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This book presents an edition and English translation of a medieval commentary on the book of Hosea that was written by an anonymous Karaite author in the Middle Ages. The text has been established by joining together hundreds of small fragments that have been preserved in the Cairo Genizah collections. The edited work is written in Judaeo-Arabic (Arabic in Hebrew letters). The publication includes copious notes, which clarify the meaning and background of the text. This book brings into the light of scholarship an important but hitherto lost text in the intellectual history of the Karaites.
The Hebrew Bible's Protean Interrogative
Author: Kenneth Craig
What is a question? Kenneth Craig poses this query in the introductory chapter of his innovative study on the function of interrogatives in the Hebrew Bible. He describes a question as “a special literary phenomenon. A question is an opening that seeks to be closed, and its rhetorical play derives from how it disposes its energies: how it invites opening, how it imposes closure” (p. 2). Carefully analyzing texts from Genesis, 1 and 2 Samuel, 1 Kings, Haggai and Zechariah, Craig demonstrates the nuanced and multifaceted ways in which the Hebrew Bible’s interrogatives function to advance the Bible’s literary and ideological goals.
Using Ricoeur’s theories of narrative and identity, and their ethical implications, this book offers a multi-disciplinary Asian reading of Moses’ reverse migration in Exodus 4:18-26, in light of the liminal experience of global economic migration.
The work demonstrates the productivity of Ricoeur’s threefold movement of prefiguration, configuration, and refiguration for OT studies and contemporary realities. By bringing together the world of an ancient text, a nuanced reading of the text’s narrative movement and its history of interpretation, and the bittersweet realities of Filipino overseas workers, this creative study charts the way for an OT hermeneutic that opens up possibilities for the formation of a reader’s narrative and ethical identity.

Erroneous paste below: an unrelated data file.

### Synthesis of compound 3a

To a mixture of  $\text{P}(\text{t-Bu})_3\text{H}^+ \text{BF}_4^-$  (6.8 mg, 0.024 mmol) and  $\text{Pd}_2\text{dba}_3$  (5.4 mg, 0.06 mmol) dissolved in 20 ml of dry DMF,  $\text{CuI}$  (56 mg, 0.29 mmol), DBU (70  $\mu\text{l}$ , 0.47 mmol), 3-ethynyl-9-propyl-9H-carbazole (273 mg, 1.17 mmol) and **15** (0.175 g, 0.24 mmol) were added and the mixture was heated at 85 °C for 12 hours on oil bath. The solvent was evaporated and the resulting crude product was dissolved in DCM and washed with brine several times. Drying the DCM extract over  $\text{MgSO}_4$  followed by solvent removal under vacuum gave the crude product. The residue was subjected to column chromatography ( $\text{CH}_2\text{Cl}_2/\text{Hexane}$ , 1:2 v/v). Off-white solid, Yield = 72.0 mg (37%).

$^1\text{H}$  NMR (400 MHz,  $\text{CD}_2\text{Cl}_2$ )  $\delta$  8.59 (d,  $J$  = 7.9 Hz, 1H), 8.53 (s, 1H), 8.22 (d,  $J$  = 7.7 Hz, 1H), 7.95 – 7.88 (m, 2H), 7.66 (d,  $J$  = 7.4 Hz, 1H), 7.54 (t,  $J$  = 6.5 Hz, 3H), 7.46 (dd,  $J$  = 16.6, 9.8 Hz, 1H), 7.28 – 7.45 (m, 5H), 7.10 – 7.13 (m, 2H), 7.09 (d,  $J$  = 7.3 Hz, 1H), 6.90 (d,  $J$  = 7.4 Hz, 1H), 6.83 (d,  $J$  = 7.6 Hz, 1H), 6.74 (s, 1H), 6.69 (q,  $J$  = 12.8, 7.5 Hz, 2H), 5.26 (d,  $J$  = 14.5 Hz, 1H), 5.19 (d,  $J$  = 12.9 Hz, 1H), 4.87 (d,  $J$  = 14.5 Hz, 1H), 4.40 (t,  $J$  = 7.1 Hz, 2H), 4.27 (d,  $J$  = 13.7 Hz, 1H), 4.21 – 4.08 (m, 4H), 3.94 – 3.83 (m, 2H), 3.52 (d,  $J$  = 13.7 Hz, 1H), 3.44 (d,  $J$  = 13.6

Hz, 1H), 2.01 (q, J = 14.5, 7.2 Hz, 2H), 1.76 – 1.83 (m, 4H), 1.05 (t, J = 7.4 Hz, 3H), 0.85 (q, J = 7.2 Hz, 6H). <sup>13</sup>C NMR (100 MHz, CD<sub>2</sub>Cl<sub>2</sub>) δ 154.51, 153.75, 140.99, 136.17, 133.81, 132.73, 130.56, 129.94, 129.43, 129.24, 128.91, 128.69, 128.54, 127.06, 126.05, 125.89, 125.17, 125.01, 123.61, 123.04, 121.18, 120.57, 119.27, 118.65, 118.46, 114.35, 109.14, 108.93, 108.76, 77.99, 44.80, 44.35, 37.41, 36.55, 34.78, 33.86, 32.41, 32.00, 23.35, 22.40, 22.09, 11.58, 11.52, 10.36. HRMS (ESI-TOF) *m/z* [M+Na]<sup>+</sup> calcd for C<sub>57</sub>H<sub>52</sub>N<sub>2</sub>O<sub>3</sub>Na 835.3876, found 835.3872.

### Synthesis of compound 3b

Author: Michael Knibb
This volume brings together twenty-one essays by Michael Knibb on the Book of Enoch and on other Early Jewish texts and traditions, which were originally published in a wide range of journals, Festschriften, conference proceedings and thematic collections. A number of the essays are concerned with the issues raised by the complex textual history and literary genesis of 1 Enoch, but the majority are concerned with the interpretation of specific texts or with themes such as messianism. The essays illustrate some of the dominant concerns of Michael Knibb's work, particularly the importance of the idea of exile; the way in which older texts regarded as authoritative were reinterpreted in later writings; and the connections between the apocalyptic writings and the sapiential literature.
Translation Technique and Theology in the Septuagint of Amos
Author: Edward Glenny
This book offers a thorough analysis of the translation technique and theology of LXX-Amos, which will be valuable for those studying LXX-Amos and for those doing textual criticism in the Hebrew text of Amos. It analyzes the literalness of the translation, the rendering of difficult and unknown words, and the rendering of visually ambiguous phenomena, like homonyms, homographs, and word divisions. The evidence suggests the translator worked from a text very similar to the MT. He reveals his biases as he struggles with the difficult and obscure sections of his source text. He exhibits an anti-Syrian and anti-Samaritan bias as well as interest in Gentiles, eschatology, and messianism.
Composition, Reception, and Interpretation